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Audio: Read by the author.


Every child, probably, dreams she’s ended
the world without meaning to. First guilt
then its long, sugared spell.

When my sister, older and Bible-trained
by a school that thought her heathen
whispered snakes had legs until God

took them away, I flinched—
saw the sleek belly, then the body dragging
in dust. The secret told in a grocery

store parking lot, our parents
loading bags into the car. A small gift—fear
is passed on and nearly nobody

notices. There was no religion in our house.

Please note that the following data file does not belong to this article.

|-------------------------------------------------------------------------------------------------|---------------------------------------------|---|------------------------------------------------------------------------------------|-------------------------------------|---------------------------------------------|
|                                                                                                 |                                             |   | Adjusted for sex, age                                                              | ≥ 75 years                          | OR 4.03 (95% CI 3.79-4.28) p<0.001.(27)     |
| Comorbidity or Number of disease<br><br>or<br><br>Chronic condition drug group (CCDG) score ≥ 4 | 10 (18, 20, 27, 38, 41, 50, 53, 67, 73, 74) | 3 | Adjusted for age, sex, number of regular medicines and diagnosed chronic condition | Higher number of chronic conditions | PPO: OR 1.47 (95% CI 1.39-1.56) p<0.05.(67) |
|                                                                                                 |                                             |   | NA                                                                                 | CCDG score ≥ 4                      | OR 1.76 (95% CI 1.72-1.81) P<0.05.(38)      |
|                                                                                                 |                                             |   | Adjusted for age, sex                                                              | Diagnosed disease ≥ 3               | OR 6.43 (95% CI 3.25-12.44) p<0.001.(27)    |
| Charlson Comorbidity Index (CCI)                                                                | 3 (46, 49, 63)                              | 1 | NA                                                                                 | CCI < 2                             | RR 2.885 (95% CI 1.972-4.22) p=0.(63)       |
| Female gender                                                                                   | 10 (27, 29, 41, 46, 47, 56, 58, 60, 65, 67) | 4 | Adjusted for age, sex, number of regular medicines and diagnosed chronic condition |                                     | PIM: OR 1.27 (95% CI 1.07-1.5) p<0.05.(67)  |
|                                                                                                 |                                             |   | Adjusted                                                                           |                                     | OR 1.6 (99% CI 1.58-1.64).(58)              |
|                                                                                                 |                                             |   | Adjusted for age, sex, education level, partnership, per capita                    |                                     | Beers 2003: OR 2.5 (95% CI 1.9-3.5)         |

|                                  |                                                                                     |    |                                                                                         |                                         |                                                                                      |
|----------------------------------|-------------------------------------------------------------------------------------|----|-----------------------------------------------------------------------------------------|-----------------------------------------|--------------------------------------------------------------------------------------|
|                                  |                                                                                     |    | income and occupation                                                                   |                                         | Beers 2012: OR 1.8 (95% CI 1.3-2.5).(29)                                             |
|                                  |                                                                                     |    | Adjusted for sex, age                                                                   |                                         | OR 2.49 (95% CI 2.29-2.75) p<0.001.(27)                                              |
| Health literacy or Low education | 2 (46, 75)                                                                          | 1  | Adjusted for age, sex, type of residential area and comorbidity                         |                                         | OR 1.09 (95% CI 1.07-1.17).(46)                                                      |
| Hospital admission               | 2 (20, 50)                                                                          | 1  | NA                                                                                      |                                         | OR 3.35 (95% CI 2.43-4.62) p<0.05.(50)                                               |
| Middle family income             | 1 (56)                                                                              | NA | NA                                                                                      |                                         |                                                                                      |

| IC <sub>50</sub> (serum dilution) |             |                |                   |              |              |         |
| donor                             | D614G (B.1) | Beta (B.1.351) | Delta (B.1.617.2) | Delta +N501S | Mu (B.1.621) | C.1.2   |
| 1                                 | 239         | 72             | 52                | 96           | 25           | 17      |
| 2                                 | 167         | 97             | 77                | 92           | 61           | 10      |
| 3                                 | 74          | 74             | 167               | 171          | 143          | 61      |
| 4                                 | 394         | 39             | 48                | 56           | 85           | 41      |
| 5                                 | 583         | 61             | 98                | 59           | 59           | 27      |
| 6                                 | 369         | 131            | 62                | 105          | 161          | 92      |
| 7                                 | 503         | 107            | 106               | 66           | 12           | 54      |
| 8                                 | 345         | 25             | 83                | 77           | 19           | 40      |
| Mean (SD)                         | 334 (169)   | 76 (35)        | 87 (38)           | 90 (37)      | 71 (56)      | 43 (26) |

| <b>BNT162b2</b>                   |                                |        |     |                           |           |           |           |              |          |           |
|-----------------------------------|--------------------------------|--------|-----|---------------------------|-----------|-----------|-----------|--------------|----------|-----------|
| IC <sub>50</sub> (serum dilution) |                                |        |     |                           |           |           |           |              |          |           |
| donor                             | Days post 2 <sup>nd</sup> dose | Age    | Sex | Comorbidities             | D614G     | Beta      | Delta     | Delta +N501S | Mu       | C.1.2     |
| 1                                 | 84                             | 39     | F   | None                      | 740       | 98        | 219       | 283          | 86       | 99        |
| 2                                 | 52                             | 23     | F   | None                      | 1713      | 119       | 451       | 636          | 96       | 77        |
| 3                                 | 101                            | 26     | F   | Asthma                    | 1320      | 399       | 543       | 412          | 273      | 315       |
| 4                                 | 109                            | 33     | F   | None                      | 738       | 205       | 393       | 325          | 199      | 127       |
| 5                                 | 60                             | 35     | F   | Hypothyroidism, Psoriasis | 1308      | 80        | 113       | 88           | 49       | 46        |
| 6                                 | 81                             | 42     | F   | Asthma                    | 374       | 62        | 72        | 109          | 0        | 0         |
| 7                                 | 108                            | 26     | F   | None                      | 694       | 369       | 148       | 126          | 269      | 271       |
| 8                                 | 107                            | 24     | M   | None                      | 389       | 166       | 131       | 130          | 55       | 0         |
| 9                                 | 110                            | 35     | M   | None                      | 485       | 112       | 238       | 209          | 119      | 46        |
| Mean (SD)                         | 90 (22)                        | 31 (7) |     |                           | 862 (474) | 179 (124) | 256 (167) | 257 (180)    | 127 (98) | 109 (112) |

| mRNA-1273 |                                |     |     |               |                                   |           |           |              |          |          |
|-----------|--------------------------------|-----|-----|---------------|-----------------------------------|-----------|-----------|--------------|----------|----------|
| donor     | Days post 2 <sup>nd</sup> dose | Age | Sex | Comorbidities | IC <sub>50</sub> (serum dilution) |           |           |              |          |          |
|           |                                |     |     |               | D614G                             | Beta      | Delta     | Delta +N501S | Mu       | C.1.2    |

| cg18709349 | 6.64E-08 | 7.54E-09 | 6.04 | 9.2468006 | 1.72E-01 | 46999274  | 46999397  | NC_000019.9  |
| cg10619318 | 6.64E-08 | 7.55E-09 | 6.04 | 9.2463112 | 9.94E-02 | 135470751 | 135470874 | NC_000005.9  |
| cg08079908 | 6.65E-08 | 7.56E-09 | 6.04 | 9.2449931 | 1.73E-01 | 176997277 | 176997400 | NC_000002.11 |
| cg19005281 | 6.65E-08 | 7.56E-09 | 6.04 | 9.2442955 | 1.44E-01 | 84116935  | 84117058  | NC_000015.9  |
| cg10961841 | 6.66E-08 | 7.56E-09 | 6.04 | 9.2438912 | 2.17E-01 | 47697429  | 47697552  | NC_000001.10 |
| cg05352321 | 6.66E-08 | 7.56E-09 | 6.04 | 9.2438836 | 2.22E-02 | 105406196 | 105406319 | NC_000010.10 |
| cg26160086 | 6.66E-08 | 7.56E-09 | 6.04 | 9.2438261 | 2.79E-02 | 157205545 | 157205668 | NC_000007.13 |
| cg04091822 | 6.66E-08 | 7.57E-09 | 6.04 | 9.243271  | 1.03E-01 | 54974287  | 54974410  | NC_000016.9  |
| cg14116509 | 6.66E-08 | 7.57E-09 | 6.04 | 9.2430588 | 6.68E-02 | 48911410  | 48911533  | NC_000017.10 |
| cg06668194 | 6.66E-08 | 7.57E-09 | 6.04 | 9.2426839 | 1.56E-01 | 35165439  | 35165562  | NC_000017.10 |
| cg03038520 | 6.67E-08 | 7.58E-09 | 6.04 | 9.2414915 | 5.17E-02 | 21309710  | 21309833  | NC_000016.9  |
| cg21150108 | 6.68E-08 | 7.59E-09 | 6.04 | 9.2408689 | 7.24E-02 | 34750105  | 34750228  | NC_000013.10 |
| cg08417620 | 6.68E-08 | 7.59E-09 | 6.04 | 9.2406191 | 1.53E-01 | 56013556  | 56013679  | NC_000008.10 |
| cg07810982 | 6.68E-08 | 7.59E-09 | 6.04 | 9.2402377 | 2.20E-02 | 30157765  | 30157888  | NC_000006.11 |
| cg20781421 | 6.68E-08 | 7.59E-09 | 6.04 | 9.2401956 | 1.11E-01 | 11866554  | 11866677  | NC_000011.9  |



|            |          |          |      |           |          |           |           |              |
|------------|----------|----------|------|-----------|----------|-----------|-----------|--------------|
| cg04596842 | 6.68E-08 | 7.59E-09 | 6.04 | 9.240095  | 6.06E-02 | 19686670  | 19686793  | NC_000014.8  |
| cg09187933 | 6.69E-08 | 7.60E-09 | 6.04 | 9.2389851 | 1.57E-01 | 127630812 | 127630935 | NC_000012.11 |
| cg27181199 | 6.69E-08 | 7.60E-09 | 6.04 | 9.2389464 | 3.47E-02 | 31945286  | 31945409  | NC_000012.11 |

For years I thought it was a hole, a gap
in the woodwork I needed to fill

and tested my goodness kneeling
in backyard dirt, murmuring prayers
from scraps of paper. When I outgrew God

I had other fears to fill me. The mind
gets crowded, stuffed, like honeycomb—
each new cell glistening and gold.



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